Error handling is very important in full stack web development. Everything in this category boils down to UX and information architecture. A users experience determines if they purchase a product. Whether or not they sign up. Whether they leave the site altogether and do thereof to the nearest competitor. Information architecture is similar.

Registration form with over half a dozen errors.

If errors occur in said processes, users need to know about it. Form field errors should execute before form submission in my opinion. Some sites don’t even have inbuilt form error handling, making the process beyond frustrating. Especially if it’s a government website or something mandatory like car registration.

Errors can be displayed as notifications, top and centered, or any other way that jives with the UI. They may come from the frontend such as in the case of a form. Or a 500 error from a failed API. 500 errors can be used for anything users don’t need to know about. Just something indicative of a problem beyond their ability to fix. Some errors will have a code such as 401 while others are strictly UI related.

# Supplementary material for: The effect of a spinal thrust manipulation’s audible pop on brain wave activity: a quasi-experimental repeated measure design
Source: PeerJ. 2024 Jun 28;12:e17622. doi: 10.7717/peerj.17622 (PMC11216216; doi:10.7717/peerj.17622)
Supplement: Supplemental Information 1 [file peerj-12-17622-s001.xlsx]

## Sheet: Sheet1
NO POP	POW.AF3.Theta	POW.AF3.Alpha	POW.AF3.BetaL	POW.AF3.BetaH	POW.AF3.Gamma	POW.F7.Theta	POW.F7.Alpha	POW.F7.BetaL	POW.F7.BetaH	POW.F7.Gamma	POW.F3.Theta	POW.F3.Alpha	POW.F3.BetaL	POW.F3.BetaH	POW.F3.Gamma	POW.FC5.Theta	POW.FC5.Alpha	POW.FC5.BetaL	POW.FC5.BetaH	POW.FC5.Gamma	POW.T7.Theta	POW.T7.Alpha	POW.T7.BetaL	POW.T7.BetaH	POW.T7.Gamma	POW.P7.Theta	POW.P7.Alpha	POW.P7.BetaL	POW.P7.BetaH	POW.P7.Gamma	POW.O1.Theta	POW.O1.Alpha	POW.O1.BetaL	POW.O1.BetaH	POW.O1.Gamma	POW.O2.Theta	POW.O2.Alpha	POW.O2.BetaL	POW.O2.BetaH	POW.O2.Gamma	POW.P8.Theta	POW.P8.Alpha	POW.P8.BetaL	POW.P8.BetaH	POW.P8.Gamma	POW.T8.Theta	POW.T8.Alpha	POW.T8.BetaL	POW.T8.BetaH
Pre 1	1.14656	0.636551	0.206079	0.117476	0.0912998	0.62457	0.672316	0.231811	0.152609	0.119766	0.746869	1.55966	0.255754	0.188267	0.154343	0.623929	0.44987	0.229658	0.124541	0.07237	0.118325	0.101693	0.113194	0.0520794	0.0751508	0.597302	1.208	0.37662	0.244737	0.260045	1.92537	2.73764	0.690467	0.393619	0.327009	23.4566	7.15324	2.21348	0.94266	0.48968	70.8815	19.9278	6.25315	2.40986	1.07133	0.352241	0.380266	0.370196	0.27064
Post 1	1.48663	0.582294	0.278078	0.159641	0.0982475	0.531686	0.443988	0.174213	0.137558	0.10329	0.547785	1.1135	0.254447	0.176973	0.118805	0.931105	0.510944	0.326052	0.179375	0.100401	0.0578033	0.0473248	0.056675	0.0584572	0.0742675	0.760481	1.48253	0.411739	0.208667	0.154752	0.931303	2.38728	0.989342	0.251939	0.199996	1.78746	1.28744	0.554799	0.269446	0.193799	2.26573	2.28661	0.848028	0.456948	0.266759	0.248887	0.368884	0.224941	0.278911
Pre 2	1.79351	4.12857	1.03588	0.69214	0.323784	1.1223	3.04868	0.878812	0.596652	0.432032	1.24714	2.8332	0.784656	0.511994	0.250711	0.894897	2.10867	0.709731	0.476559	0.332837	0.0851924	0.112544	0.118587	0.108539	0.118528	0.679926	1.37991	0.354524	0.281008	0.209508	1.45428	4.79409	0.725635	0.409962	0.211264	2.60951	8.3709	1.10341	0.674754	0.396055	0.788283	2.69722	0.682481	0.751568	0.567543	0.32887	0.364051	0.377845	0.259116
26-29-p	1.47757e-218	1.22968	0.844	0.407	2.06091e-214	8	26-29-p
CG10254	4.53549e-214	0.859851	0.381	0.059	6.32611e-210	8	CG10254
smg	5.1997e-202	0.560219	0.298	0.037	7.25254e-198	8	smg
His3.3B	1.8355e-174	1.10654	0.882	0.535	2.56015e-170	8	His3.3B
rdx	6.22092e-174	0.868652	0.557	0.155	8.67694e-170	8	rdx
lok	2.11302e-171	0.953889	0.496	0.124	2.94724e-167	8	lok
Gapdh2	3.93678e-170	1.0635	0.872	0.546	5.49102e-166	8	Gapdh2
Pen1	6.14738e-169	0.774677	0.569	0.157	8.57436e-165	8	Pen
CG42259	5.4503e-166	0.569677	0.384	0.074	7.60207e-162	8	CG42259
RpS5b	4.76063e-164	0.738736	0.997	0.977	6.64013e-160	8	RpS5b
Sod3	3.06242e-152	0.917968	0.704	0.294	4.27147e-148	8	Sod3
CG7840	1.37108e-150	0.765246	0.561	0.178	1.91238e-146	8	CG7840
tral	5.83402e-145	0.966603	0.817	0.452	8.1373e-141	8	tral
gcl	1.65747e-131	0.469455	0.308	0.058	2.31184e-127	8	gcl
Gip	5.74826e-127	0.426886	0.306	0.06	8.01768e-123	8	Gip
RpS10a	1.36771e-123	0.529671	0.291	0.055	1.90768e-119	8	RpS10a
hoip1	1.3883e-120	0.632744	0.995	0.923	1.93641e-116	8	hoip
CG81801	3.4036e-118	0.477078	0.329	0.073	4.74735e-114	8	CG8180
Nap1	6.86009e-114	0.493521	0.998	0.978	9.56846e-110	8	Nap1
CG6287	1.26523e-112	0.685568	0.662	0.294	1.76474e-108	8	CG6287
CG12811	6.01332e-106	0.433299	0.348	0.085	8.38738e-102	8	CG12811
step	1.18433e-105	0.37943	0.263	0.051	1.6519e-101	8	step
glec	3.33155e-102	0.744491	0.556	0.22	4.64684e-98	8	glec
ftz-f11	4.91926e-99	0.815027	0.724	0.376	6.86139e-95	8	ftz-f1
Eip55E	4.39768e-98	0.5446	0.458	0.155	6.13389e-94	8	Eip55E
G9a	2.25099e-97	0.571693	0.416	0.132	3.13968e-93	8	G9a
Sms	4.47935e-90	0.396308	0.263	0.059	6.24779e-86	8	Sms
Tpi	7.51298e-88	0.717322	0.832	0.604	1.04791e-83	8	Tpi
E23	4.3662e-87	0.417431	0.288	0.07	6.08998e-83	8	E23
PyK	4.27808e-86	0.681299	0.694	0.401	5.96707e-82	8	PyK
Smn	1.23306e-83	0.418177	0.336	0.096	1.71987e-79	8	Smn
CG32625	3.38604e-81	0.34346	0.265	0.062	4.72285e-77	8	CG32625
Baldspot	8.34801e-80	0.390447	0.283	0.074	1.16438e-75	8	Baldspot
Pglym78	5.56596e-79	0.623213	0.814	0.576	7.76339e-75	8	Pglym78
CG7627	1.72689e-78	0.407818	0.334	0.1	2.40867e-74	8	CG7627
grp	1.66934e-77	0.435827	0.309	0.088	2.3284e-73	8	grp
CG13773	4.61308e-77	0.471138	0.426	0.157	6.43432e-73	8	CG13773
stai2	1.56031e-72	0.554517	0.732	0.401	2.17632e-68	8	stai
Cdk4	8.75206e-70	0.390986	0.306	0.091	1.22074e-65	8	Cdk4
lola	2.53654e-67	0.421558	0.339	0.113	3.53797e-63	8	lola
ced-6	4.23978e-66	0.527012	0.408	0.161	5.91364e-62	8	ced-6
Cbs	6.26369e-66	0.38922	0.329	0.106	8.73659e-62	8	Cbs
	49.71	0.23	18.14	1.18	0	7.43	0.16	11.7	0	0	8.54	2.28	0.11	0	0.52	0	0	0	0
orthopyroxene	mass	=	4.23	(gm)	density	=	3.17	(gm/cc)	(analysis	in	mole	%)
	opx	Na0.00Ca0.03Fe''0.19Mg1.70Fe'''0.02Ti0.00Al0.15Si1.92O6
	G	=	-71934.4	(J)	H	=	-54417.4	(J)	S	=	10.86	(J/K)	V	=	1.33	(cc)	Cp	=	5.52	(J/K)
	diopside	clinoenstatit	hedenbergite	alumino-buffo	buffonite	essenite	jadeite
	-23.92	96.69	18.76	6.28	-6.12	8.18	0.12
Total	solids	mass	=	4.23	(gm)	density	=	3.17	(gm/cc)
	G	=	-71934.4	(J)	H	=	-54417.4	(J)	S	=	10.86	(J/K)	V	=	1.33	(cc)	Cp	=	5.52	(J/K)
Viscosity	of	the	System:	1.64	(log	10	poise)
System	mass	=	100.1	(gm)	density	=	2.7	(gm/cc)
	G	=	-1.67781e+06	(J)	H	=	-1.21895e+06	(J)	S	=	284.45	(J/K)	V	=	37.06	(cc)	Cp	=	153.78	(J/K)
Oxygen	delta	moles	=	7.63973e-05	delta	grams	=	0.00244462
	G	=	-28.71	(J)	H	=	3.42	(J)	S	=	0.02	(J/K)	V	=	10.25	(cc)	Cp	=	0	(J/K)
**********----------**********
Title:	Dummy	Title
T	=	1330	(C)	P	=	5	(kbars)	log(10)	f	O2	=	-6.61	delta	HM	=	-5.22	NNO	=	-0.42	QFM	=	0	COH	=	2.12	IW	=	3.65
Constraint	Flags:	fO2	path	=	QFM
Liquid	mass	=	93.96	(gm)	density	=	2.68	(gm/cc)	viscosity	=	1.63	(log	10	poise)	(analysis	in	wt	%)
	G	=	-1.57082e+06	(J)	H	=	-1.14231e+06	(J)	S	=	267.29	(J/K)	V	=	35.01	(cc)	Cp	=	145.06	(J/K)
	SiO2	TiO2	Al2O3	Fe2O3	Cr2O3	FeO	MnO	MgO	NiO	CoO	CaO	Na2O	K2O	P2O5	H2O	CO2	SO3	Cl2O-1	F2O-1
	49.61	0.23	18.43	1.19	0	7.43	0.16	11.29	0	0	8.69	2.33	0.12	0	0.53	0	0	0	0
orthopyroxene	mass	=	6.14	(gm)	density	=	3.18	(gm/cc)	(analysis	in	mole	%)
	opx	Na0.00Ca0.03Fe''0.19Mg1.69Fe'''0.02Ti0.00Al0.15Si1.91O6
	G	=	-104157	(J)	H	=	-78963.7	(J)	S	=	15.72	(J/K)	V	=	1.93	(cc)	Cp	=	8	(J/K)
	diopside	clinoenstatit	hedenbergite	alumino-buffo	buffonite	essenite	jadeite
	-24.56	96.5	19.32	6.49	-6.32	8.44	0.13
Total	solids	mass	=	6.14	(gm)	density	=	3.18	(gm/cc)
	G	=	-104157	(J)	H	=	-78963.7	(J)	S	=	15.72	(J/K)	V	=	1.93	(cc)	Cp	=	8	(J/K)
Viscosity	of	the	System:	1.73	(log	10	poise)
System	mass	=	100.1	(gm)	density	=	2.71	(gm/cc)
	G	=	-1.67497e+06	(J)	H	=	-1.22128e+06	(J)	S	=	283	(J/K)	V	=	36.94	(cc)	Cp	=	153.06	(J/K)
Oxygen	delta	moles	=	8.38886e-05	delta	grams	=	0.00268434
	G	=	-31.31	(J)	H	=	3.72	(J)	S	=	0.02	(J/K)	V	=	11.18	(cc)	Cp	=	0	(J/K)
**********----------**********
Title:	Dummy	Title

Ugh, documentation. Is it safe to say, it’s rare to walk into a new place and there’s ample documentation available? Has anyone experienced this? What’s your opinion on documentation for proprietary software? What about APIs? Have you found that most or many APIs are well documented?

For two years now, I’ve been working at a financial institution. And the documentation is far from perfect. The documentation in a library I work with has a terminal command for major and minor which definitely helps. I believe it looks at the branch changes and decides what it should be bumped up to (1.2.1 or 1.2.4). Run the major terminal command and it bumps it to 2.0.0.